[Illustration: GOLDSMITH’S MILL AT AUBURN]
[Illustration: BANTRY BAY—SCENE OF THE LANDING OF THE FRENCH.]
 Writers.—As a general rule, when Irishmen succeed either in literature, politics, or war, the credit of their performances is usually debited to the English; when they fail, we hear terrible clamours of Irish incapacity. Thackeray commences his “English Humourists of the Eighteenth Century” with Swift, and ends them with Goldsmith! I do not suppose he had any intention of defrauding the Celtic race; he simply followed the usual course. Irishmen are, perhaps, themselves most to blame, for much of this is caused by their suicidal deference to a dominant race.
 Order.—The Presentation Order was founded by Miss Nano Nagle, of Cork.
 Leadbeater.—Annals of Ballitore, vol. i. p. 50, second edition, 1862. I shall refer to this interesting work again.
 Man.—The exact words are: “If a man were to go by chance at the same time with Burke, under a shed to shun a shower, he would say: ’This is an extraordinary man.’”—Boswell’s Johnson, vol. iv. p. 245. Foster’s version is as above.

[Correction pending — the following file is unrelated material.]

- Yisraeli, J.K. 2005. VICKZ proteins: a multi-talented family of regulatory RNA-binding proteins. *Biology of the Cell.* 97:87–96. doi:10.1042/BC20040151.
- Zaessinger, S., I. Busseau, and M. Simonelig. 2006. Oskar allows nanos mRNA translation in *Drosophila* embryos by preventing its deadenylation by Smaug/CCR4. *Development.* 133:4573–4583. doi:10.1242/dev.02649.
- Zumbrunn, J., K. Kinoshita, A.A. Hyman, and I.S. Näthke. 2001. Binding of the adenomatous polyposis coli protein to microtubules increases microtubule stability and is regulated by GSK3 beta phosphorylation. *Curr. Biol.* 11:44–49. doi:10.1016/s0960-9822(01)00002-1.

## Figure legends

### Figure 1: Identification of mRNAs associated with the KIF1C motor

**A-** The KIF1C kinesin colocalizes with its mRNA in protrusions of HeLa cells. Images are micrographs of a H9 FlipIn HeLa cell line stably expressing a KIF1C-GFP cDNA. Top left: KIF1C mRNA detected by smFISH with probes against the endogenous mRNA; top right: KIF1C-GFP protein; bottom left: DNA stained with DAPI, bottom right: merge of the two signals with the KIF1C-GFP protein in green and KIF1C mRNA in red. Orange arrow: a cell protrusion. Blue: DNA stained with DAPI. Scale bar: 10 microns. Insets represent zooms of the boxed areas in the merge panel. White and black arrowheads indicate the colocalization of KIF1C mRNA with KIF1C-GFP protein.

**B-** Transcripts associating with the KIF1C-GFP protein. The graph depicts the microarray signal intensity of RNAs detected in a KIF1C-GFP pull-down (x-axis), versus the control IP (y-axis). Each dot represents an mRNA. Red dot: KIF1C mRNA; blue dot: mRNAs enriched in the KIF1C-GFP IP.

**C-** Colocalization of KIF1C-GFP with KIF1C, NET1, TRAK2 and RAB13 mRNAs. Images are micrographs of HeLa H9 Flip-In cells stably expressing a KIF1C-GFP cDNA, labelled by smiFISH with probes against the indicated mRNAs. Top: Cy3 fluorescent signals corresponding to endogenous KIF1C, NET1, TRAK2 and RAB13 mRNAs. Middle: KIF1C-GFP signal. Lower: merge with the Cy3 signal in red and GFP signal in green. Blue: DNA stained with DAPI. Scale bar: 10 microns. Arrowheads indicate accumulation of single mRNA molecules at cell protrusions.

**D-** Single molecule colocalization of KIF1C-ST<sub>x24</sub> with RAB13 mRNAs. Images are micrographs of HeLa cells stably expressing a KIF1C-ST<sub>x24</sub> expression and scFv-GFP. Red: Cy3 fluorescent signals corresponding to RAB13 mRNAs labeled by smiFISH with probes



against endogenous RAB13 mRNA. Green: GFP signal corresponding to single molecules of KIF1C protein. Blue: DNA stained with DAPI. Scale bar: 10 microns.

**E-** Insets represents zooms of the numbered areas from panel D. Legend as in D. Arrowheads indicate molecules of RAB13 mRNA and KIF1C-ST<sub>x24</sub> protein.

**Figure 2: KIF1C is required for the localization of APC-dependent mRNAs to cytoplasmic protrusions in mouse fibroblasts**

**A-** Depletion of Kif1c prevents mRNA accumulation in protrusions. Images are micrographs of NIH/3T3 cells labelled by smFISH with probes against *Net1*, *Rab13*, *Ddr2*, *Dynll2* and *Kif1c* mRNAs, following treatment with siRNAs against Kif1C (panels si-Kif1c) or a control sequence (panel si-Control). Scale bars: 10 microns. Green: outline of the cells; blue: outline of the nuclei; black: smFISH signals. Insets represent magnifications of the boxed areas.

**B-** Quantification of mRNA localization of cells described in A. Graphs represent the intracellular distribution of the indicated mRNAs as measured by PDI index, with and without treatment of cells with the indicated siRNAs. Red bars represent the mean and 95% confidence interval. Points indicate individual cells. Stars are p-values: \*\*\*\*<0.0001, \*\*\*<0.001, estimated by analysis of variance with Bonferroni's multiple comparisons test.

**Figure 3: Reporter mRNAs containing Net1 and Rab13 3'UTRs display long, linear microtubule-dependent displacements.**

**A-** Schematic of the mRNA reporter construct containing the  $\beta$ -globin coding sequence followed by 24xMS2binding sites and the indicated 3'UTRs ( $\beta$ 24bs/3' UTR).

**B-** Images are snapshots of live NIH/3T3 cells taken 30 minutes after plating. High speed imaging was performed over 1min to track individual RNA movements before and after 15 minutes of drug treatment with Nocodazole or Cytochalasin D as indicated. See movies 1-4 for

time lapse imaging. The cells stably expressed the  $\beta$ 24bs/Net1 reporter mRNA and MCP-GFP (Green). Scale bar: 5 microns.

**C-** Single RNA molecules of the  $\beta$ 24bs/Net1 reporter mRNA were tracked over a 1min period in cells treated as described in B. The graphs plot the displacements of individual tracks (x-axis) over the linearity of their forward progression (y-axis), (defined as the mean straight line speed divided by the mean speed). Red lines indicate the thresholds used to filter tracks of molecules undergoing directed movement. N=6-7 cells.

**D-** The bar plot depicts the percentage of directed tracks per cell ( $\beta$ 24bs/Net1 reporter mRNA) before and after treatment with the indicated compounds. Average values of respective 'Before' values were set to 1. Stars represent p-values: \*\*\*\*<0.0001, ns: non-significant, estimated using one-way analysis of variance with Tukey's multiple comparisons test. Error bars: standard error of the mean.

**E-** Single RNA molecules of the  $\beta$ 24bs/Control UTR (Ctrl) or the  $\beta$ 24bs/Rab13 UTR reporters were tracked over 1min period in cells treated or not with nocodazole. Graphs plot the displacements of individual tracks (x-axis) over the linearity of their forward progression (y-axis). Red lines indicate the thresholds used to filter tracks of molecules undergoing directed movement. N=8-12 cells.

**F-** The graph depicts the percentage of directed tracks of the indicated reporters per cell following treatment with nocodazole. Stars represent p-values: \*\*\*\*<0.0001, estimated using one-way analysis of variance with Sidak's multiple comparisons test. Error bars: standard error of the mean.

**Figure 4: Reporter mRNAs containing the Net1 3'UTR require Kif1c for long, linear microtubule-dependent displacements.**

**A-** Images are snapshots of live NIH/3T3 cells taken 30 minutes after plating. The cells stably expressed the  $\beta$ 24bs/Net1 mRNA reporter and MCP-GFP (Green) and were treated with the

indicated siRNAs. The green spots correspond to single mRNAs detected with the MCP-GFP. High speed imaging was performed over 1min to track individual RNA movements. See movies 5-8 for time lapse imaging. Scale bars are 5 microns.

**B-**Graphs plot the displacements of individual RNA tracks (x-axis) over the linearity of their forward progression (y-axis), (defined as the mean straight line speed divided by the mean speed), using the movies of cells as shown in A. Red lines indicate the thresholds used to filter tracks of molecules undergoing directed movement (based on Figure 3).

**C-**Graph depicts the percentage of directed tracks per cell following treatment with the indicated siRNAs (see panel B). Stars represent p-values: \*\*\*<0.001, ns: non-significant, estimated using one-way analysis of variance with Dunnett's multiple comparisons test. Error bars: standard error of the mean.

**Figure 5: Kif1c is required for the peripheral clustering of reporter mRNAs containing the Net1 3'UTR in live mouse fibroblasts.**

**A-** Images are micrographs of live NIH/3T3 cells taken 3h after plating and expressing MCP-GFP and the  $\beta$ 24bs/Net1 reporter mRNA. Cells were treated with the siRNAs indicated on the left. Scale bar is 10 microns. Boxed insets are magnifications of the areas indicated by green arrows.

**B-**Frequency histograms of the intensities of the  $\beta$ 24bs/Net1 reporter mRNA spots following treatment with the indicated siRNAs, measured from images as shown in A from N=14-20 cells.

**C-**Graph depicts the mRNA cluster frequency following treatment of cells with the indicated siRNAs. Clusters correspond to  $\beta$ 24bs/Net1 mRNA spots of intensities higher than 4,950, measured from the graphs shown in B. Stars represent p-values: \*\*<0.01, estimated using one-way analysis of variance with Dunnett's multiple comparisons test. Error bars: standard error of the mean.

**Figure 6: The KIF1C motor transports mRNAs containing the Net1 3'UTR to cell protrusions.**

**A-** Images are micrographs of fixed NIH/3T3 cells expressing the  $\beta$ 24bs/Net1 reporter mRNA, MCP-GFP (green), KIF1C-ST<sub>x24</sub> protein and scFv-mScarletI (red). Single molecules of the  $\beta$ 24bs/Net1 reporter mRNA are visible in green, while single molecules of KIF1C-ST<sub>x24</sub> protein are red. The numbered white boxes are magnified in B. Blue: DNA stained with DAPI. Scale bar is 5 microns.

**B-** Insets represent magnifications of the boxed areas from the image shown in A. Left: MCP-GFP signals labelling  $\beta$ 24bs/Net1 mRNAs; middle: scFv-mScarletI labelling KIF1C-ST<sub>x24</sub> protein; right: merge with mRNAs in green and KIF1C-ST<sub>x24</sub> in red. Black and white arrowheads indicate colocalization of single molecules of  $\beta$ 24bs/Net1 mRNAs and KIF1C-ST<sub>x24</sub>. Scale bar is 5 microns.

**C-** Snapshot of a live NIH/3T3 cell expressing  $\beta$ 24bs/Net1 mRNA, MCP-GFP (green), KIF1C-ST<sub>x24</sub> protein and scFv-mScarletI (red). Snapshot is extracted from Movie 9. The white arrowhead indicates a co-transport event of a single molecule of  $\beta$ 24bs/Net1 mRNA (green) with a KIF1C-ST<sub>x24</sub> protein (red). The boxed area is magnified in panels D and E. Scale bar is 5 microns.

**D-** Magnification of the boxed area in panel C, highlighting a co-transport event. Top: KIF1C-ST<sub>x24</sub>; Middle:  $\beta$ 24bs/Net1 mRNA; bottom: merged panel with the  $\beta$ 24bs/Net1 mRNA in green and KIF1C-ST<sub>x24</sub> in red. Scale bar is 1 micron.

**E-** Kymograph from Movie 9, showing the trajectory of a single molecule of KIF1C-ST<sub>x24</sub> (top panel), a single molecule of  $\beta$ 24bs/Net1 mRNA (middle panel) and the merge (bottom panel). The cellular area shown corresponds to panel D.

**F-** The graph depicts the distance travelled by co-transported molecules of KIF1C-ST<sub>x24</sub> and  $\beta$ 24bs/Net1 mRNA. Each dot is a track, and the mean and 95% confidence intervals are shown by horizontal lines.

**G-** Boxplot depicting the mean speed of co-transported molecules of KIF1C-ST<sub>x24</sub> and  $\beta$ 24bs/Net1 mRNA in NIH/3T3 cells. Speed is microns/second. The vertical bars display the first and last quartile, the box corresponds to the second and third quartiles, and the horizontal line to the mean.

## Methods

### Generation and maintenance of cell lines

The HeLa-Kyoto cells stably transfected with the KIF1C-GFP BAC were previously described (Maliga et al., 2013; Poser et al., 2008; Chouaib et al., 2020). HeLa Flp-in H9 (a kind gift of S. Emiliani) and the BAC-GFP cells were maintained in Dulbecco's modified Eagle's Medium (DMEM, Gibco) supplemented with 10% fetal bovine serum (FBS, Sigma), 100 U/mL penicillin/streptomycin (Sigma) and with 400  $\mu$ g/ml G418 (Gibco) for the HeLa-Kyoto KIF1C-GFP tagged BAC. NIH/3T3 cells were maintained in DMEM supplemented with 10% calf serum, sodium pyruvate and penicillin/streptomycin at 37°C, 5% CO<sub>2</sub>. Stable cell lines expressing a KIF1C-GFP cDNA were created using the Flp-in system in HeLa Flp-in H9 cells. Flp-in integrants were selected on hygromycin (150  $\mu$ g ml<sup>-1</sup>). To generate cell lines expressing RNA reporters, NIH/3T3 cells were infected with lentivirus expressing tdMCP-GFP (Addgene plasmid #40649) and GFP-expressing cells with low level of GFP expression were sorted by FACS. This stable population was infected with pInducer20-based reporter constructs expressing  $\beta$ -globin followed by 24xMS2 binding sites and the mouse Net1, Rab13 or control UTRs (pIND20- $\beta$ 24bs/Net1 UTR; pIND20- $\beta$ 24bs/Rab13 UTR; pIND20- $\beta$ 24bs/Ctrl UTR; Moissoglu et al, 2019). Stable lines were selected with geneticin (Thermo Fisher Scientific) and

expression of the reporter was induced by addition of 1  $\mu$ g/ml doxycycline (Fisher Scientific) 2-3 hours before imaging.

Developed.—Since this sentence was penned, I find, with great satisfaction, that a similar view has been taken by a recent writer. See Secularia; or, Surveys on the Main Stream of History, by S. Lucas, p. 250. He opens a chapter on the revolt of the American States thus: “The relations of Great Britain to its colonies, past and present, are an important part of the history of the world; and the form which these relations may hereafter take, will be no small element in the political future. Even our Professors of History ... abstain from noticing their system of government, or the predisposing motives to their subsequent revolt..” The italics are our own. Neglect of the study of Irish history is, I believe, also, one of the causes why Irish grievances are not remedied by the English Government. But grievances may get settled in a way not always satisfactory to the neglecters of them, while they are waiting their leisure to investigate their cause.
 Writer.—Morley. Edmund Burke, an Historical Study: Macmillan and Co., 1867. A masterly work, and one which every statesman, and every thinker would do well to peruse carefully. He says: “The question to be asked by every statesman, and by every citizen, with reference to a measure that is recommended to him as the enforcement of a public right, is whether the right is one which it is to the public advantage to enforce.”—p. 146.